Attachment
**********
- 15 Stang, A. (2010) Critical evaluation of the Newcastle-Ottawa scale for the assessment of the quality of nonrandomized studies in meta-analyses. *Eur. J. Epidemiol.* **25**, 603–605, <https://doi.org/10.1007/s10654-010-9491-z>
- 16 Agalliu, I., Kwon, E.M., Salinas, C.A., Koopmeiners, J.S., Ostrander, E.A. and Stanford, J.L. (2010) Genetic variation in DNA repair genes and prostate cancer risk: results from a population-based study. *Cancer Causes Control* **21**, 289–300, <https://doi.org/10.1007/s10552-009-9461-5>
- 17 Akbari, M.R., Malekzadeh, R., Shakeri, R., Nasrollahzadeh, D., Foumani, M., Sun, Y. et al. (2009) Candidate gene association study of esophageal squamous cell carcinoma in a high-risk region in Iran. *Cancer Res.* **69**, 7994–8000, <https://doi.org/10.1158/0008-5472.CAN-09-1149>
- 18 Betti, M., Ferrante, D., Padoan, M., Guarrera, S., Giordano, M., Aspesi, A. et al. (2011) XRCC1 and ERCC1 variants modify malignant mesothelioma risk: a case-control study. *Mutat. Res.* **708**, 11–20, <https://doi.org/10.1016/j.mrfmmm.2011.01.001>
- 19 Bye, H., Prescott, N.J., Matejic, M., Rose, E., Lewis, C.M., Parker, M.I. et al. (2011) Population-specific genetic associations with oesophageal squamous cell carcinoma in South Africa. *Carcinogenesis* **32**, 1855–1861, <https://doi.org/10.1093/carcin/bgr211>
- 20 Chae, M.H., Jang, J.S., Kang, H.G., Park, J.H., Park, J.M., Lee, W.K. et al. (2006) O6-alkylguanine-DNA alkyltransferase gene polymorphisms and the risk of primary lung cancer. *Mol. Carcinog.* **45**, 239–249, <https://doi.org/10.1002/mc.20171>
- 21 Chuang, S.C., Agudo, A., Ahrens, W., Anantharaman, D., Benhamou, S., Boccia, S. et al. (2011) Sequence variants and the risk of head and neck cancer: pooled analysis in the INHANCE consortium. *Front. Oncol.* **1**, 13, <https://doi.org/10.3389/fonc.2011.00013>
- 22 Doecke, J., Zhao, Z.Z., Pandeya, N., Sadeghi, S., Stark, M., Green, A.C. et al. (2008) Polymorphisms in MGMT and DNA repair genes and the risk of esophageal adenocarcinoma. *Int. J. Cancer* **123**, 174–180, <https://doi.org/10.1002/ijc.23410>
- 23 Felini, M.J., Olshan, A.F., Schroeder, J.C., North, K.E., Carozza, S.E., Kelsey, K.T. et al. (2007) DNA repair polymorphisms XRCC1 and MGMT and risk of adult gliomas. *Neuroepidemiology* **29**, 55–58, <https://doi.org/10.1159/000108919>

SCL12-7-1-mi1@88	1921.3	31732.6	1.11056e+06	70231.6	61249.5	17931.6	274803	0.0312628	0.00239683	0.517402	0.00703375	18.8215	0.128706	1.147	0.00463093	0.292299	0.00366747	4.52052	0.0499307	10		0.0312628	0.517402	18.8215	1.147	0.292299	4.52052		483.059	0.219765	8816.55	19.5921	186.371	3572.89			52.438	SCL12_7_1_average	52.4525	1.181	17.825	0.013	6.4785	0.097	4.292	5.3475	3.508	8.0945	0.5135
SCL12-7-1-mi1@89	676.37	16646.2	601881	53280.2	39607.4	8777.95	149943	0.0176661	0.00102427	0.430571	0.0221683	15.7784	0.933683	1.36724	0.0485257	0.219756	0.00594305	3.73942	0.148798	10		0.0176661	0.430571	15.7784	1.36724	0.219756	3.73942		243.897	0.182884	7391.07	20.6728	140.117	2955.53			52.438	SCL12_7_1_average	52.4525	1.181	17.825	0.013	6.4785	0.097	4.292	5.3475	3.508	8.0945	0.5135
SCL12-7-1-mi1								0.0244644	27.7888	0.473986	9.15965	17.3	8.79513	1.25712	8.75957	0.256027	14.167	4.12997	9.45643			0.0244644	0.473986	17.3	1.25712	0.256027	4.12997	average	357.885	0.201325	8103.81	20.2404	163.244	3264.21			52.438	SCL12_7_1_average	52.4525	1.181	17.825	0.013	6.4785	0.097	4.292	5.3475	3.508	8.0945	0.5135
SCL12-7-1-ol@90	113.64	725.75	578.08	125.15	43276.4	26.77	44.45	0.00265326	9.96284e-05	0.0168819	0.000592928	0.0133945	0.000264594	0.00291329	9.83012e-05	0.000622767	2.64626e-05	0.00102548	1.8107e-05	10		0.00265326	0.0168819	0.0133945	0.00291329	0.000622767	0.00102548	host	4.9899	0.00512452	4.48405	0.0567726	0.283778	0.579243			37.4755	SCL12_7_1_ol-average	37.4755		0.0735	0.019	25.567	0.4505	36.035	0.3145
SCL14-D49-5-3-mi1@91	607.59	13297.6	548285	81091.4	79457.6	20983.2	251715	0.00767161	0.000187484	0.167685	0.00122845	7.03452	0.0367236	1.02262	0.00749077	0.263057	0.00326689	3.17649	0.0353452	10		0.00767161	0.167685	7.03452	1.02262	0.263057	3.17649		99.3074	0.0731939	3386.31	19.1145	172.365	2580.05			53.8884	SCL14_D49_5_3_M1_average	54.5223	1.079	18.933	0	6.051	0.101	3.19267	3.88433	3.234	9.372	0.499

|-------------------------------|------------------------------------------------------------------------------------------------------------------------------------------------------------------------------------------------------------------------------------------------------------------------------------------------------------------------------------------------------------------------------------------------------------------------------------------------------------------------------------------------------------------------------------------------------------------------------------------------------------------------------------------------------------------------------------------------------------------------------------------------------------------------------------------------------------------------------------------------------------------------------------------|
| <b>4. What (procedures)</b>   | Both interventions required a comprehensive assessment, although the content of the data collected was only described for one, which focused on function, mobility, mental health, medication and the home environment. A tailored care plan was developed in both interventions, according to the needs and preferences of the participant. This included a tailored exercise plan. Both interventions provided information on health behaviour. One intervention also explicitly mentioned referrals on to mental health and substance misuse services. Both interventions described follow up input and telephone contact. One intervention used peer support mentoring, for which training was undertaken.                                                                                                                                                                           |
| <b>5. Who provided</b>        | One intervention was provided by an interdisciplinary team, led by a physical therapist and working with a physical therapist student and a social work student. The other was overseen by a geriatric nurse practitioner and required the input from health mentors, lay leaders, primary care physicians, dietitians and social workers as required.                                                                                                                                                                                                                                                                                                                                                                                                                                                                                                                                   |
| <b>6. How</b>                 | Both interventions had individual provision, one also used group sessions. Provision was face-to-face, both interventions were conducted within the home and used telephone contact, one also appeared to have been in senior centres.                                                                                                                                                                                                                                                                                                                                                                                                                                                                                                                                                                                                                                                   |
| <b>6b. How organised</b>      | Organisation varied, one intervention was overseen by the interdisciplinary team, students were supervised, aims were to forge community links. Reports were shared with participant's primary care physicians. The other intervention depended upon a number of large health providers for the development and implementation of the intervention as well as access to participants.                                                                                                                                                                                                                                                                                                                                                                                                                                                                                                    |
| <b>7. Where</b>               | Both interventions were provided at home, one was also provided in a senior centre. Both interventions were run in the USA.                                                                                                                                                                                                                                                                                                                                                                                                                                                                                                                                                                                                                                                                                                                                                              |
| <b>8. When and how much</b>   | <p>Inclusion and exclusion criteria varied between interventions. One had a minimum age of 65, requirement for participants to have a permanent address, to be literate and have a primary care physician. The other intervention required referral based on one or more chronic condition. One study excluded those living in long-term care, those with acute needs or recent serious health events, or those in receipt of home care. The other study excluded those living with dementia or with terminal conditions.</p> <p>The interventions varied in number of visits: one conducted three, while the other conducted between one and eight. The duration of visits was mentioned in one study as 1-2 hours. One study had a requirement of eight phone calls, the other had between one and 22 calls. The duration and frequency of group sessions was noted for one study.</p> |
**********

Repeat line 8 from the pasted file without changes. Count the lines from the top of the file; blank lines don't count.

- 22 Doecke, J., Zhao, Z.Z., Pandeya, N., Sadeghi, S., Stark, M., Green, A.C. et al. (2008) Polymorphisms in MGMT and DNA repair genes and the risk of esophageal adenocarcinoma. *Int. J. Cancer* **123**, 174–180, <https://doi.org/10.1002/ijc.23410>